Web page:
One key example of this is downtown’s Grizzly Peak, which offers a traditional bar menu alongside their spread of American beers. If you’re comfortable mingling with the local student population, the Grotto is a sprawling, typically bustling spot downtown that’s a fun space for people-watching. Bill’s Beer Garden offers a less traditional atmosphere; only open seasonally, they prioritize locally made craft beers. But perhaps the most distinct is HOMES, whose original brewpub is west of downtown. The brewery offers a range of (sometimes experimental) options that incorporate bright fruit profiles without sacrificing heft; new releases draw long lines, making each new can or draft feel like real events. For mead fans, there’s Bløm Meadworks, too, featuring local meads and ciders.
Wine drinkers will find no shortage of options, especially downtown. At SPENCER, a varied food menu meets a curated collection of small-batch wines and bottles. Indoor-outdoor Vinology features a comparable local emphasis, highlighting work done by wine producers nearby. A bit further west, YORK offers a plaza-style space with a modern interior, meshing great coffee and food trucks with its own broad spread of wine options.
For cocktails, Nightcap offers light spins on traditional offerings, deftly throwing wrenches (fruit, chocolate) into mainstay drinks you might be used to. The Last Word nearby offers beer, wine and cocktails with a vast menu of original offerings. For not just drinks but liquors that are locally made, Ann Arbor Distilling Company provides a more straightforward menu of unadorned, classic drinks that shows off their own handiwork.
– Getting outside —
There’s no shortage of hiking near Ann Arbor, but you can do well enough right in town — with an abundance of trails and rivers facilitating all sorts of pursuits. Perhaps most prominent is the University’s Nichols Arboretum, which features popular trails in a nicely wooded space devoted to conserving woods and prairies. A bit quieter and easy to get lost in is Bird Hills Nature Area, whose tangled webs of hills and trails could make for a good day of nature on its own. That’s true, too, of the boating options in Gallup Park, which offer both placid and quicker-paced canoe and kayak options.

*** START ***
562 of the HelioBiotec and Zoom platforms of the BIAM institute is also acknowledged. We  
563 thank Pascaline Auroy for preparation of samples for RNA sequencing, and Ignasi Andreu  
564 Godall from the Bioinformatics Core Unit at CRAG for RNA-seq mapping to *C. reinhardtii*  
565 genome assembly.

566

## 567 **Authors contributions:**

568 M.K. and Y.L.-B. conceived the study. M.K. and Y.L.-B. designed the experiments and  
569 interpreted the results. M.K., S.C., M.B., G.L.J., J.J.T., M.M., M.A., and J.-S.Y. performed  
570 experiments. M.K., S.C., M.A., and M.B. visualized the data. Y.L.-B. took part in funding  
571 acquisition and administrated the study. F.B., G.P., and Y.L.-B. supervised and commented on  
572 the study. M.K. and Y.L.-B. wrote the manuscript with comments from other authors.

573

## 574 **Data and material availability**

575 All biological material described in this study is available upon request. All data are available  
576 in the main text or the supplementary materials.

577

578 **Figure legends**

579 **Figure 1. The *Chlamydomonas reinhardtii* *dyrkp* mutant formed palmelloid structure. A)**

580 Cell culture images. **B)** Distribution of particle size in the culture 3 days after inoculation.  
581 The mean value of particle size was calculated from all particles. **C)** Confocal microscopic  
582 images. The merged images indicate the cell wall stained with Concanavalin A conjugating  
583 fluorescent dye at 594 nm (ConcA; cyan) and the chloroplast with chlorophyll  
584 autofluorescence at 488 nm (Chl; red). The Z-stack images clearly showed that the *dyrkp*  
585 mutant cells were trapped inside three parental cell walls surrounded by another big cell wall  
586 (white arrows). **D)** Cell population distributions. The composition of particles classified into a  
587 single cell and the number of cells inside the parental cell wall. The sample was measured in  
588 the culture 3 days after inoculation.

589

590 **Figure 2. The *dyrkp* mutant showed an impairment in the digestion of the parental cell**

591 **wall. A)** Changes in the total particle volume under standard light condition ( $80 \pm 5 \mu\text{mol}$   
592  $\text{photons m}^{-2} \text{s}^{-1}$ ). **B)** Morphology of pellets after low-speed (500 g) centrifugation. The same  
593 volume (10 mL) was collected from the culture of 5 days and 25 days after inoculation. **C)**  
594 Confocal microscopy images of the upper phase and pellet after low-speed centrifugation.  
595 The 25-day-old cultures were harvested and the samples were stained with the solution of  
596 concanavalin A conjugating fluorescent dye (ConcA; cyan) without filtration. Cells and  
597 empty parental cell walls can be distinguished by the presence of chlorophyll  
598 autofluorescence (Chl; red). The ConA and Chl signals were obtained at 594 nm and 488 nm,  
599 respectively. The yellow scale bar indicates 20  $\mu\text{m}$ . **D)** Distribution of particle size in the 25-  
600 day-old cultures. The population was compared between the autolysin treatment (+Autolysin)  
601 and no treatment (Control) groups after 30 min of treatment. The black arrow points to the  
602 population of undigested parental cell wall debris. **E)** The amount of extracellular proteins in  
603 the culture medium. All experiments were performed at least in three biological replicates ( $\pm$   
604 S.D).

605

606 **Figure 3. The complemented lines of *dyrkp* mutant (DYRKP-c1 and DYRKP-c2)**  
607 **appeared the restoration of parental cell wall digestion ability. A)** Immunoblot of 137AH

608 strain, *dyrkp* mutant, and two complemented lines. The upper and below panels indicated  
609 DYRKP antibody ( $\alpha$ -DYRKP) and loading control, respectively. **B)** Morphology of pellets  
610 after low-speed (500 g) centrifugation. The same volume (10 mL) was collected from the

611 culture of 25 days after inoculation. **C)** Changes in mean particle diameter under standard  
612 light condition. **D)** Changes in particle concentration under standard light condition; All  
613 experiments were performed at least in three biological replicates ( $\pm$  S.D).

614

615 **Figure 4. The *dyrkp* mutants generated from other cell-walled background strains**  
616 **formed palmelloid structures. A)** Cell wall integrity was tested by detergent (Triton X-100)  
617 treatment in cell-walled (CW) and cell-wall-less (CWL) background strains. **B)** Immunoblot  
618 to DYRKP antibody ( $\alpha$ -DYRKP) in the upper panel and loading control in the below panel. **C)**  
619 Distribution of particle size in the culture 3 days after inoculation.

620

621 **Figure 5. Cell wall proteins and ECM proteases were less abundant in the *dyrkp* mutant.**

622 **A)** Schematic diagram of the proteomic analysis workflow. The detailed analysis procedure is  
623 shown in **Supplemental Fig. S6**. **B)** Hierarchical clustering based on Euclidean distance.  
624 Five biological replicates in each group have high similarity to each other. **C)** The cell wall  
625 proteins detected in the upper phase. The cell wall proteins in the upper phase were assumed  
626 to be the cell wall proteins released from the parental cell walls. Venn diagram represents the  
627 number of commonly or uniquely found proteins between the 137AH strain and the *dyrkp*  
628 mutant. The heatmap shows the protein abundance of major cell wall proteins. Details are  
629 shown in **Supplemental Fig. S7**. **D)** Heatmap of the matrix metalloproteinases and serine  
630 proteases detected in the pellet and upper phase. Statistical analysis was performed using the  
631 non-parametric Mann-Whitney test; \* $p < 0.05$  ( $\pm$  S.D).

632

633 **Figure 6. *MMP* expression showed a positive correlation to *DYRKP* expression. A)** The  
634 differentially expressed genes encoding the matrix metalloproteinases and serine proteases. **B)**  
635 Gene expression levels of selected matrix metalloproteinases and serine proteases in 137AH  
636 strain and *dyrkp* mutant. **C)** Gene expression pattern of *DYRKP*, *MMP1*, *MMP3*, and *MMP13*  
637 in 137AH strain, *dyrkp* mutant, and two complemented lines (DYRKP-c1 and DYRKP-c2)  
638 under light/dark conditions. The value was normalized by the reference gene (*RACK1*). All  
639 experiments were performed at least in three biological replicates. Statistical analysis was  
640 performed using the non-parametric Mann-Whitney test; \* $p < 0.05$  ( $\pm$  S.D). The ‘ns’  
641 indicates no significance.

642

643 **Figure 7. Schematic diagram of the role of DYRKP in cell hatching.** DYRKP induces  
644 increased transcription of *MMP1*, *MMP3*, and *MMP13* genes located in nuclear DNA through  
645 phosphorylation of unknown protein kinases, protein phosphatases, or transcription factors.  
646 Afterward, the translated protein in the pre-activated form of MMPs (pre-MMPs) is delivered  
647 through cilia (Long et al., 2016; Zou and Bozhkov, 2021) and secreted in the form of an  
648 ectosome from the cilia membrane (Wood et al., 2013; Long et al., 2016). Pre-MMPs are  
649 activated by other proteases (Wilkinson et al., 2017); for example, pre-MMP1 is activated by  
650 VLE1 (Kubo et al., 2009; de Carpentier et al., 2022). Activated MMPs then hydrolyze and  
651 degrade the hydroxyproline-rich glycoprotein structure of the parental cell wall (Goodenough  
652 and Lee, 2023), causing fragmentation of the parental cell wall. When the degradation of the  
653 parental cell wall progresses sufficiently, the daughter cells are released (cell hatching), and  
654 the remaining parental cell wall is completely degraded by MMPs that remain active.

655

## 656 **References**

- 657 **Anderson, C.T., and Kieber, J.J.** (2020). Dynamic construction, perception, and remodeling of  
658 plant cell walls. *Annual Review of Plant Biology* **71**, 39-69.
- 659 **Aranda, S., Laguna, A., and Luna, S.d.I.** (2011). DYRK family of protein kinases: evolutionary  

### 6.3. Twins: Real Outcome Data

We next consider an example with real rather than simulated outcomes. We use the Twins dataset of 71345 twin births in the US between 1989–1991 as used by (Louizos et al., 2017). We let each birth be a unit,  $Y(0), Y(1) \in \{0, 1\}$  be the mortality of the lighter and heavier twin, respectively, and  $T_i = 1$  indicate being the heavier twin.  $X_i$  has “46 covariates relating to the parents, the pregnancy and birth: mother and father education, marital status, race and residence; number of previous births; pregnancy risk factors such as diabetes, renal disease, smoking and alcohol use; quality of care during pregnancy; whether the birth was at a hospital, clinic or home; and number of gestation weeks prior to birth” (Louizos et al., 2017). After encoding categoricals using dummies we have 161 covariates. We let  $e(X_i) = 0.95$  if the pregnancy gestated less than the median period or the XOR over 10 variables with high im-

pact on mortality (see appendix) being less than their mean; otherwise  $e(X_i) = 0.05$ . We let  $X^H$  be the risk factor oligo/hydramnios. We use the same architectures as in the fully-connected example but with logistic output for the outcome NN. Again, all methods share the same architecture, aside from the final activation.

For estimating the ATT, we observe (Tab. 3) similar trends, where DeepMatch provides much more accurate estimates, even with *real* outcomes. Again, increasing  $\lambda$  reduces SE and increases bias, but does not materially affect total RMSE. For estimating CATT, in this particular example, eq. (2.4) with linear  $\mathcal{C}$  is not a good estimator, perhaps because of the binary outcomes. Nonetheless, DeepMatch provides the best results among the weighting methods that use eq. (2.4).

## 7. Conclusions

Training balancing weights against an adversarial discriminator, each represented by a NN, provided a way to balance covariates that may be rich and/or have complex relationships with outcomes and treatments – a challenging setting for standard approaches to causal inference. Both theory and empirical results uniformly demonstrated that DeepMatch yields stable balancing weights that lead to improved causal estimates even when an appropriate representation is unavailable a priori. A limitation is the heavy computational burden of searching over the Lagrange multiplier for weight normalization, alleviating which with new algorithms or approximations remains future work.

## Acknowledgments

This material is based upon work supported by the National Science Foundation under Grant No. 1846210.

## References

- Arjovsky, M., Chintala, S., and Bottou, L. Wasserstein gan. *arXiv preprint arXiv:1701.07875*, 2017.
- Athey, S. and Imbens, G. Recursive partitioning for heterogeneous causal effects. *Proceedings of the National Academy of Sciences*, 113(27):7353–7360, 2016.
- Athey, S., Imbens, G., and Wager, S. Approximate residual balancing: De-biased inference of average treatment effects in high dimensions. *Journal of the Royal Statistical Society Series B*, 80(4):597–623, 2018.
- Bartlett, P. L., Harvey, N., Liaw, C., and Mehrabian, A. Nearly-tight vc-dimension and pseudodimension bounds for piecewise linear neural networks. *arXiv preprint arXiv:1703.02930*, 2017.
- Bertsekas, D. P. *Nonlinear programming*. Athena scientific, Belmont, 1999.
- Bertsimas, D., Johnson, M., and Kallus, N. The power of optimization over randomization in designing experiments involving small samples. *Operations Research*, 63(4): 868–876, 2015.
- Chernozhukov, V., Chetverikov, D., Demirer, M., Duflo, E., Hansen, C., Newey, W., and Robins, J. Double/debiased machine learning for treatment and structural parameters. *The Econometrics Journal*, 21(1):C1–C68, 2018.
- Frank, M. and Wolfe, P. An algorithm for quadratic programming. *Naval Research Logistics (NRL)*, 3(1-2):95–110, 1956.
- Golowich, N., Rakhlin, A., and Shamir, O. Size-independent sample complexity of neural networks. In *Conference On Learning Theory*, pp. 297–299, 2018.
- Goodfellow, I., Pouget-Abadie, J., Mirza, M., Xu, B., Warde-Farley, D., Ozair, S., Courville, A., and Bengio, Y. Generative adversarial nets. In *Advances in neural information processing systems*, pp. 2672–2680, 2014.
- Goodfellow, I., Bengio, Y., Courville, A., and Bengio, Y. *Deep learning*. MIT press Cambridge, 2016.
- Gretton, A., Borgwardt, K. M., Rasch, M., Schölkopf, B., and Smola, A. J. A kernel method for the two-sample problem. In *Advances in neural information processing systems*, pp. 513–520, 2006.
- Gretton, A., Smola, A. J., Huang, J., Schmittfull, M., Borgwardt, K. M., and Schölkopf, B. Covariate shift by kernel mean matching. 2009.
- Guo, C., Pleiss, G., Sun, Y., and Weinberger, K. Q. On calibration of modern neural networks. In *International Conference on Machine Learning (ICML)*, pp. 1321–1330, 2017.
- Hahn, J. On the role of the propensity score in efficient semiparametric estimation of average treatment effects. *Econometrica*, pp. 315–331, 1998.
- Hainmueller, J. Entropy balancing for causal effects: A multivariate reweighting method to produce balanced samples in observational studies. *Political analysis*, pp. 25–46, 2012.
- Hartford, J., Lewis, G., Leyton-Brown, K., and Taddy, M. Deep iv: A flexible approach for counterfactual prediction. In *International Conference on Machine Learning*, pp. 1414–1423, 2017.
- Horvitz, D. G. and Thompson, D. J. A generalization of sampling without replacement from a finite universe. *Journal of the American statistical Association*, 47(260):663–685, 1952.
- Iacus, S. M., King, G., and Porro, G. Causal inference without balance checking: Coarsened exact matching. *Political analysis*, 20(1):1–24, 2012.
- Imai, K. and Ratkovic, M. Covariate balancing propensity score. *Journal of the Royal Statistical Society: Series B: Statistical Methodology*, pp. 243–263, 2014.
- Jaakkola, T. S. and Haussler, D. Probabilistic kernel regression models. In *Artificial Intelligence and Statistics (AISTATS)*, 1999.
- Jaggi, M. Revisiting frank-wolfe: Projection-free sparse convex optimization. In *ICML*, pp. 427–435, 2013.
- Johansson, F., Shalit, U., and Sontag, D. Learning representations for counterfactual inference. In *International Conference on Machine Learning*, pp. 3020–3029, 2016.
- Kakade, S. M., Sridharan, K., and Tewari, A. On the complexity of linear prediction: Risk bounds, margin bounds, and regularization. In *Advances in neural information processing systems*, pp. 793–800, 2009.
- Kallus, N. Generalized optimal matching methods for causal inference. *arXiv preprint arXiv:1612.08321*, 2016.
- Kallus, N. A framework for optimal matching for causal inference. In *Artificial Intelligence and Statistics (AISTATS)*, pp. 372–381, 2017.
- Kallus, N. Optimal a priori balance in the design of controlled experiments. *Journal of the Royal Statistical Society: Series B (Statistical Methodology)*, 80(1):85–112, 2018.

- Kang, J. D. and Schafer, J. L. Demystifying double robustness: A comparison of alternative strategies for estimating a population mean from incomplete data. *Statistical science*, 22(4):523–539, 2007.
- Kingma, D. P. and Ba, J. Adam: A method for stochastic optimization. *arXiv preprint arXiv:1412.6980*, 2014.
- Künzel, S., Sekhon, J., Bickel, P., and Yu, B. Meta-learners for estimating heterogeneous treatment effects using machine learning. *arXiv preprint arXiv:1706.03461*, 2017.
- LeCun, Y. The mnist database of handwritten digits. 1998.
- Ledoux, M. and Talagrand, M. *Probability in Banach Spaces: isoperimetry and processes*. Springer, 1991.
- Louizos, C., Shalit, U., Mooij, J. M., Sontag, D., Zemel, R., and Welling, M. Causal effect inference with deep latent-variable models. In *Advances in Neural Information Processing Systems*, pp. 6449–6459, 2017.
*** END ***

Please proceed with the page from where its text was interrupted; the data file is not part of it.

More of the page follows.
Offering comparably varied topography is the Ann Arbor Bluffs Nature Area, which has an abundance of trails itself. For something more leisurely, Ann Arbor has the Matthei Botanical Gardens, too. And for anyone keen on indoor climbing year-round, the city has its own Planet Rock.
– A local market day –
The Ann Arbor Farmers Market is quartered in Kerrytown, a dense, downtown-adjacent neighborhood with a rich array of local businesses and terrific food and drink options. For one, it’s across the street from Zingerman’s: a famous, good (but pricey) deli that’s long been an area favorite. Credible sources have told me that better sandwiches can be found at Maize and Blue Delicatessen, though — a spot a bit deeper into downtown.
For coffee, Ann Arbor has Hyperion, an Ypsi-based roaster’s cafe, and (not in Kerrytown) York, an excellent spot mentioned for its wine and patio above. Additionally, there’s TeaHAUS, a charming tea shop with an impressive selection of leaves and gifts. A short walk away is the veg-friendly Lunch Room Bakery & Cafe, an outpost of the bygone Lunch Room (RIP). The same owners have the Detroit Street Filling Station, too, a relaxed lunch and dinner option close by.
– Arts and culture –
Ann Arbor has no storage of cultural treasures supported by both the university and the broader community. There are the big institutions — like the Michigan and State Theaters, which play all sorts of movies, hosting talks (like the Penny Stamps speaker series) and queer-inclusive festivals (Ann Arbor Film Fest, etc.), too, that would be hard to come by in Detroit. The Hill Auditorium, too, hosts events and has long been celebrated for its acoustics.
But there’s also more locally-grown musical fare. There’s the Ark, an intimate nonprofit venue that attracts great acts (many of whom are LGBTQ+) for a fair price, and the Blue Llama Jazz Club, a longtime local standby. And for anyone seeking more of a dance club vibe, Pride Fridays at Necto is still, after many years, a big draw.
For something quieter – maybe to go with one of the tea and coffee options floated here – Ann Arbor’s fortunate to have plenty of well-loved bookshops, many within walking distance of one another downtown. West Side Book Shop, Literati, Dawn Treader, and Mott & Bailey each provide their own flavor and curatorial style; for comics lovers, Vault of Midnight is there (as in Detroit), often offering discounted merchandise in its location downtown.
With this guide, the hope is that Ann Arbor and Detroit can cross-pollinate more and come to see the other as a viable travel destination (even a regular one). There’s too much good in both these places for 45 minutes to seem so far.